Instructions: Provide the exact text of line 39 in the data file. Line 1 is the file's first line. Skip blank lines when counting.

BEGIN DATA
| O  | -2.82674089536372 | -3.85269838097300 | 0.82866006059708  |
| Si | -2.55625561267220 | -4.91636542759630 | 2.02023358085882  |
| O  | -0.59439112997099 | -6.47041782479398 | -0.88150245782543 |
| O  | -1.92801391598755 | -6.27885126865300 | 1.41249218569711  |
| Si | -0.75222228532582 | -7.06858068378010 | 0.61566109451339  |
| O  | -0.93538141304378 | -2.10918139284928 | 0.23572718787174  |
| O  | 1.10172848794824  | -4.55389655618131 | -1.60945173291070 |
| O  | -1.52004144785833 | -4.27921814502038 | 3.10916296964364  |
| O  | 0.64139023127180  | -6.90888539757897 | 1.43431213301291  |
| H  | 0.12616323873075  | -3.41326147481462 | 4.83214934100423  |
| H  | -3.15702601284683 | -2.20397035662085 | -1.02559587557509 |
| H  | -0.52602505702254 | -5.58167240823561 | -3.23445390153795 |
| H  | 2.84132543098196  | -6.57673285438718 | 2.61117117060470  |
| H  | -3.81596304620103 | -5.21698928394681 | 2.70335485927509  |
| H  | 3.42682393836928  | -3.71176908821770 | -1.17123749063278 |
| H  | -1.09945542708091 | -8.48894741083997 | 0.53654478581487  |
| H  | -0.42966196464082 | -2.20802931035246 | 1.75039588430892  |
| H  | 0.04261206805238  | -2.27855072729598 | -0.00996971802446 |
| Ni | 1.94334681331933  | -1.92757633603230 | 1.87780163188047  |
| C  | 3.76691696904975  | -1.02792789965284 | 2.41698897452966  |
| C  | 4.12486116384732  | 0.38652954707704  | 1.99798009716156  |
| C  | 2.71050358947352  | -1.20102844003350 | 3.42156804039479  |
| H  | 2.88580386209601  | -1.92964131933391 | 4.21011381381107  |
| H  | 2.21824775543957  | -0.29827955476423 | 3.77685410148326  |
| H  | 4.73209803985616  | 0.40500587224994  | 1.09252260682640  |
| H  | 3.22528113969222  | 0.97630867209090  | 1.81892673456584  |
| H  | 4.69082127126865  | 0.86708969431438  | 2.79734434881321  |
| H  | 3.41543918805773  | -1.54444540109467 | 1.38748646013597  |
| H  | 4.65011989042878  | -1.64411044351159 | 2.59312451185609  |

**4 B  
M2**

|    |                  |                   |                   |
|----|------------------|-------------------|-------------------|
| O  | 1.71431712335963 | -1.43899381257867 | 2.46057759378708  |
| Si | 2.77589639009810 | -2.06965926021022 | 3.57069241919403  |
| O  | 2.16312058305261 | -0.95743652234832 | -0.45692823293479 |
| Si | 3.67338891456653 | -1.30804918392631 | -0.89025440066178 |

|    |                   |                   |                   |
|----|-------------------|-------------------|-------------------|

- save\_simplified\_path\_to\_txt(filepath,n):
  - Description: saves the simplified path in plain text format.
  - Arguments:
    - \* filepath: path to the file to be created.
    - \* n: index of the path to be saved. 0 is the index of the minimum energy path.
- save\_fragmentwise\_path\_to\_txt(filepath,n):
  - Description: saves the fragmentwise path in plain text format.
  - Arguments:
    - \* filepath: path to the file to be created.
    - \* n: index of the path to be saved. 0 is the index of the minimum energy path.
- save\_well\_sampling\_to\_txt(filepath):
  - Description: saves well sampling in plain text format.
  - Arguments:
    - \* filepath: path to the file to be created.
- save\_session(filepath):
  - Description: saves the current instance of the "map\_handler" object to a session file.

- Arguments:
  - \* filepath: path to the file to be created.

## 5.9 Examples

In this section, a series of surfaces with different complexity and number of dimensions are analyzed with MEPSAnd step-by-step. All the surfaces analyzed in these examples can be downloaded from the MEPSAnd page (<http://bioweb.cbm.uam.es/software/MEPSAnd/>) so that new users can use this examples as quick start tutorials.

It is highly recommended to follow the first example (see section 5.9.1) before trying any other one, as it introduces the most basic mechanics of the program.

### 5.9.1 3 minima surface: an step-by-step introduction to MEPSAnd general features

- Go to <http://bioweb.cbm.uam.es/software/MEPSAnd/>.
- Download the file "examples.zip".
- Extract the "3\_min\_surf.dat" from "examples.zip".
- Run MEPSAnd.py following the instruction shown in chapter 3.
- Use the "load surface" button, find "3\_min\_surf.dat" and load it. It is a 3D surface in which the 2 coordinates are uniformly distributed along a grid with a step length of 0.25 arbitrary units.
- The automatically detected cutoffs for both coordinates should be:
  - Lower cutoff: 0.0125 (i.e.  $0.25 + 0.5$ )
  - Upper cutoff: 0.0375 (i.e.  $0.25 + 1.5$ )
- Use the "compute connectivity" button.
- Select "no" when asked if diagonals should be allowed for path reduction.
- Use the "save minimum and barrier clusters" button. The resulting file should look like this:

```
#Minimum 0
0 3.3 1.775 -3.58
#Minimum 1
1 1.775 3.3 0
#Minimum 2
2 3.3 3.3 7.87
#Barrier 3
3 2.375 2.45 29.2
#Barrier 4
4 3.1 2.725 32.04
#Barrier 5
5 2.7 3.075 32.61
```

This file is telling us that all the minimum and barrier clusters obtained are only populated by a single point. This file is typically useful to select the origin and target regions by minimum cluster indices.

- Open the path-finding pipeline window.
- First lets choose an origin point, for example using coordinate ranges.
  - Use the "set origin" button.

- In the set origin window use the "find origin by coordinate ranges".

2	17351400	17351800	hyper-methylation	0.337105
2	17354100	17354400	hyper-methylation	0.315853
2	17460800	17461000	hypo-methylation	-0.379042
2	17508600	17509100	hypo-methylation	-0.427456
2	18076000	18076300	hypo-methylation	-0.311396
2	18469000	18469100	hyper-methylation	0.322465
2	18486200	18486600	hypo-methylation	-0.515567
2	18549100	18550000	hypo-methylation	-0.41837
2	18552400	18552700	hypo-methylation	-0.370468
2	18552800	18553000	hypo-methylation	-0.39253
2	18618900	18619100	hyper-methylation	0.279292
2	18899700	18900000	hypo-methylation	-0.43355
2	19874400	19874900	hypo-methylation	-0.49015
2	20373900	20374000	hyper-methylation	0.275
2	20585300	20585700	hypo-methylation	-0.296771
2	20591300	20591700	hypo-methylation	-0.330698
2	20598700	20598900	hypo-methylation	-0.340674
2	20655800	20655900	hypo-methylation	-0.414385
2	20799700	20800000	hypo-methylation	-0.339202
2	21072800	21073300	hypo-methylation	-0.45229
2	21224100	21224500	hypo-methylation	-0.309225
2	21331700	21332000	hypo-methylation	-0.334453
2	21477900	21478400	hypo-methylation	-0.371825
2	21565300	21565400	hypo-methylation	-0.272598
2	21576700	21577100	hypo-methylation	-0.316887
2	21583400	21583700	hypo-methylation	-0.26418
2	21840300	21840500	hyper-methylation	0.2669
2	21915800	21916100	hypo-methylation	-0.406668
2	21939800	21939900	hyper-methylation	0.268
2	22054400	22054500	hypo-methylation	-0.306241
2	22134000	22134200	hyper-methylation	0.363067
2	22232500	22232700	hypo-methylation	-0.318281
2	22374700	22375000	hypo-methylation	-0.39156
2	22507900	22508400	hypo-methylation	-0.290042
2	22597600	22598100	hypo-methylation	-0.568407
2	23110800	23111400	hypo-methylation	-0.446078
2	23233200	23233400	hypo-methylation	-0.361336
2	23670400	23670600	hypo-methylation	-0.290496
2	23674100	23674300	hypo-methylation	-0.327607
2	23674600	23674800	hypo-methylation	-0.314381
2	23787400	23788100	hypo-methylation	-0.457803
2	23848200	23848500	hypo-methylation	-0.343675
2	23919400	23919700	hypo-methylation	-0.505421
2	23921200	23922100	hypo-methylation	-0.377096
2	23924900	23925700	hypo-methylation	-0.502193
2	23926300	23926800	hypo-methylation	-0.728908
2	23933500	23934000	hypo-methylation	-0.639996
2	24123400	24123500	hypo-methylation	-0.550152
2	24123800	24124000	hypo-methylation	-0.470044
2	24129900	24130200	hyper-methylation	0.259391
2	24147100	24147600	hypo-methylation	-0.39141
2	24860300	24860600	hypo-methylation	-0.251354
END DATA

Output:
|----|-------------------|-------------------|-------------------|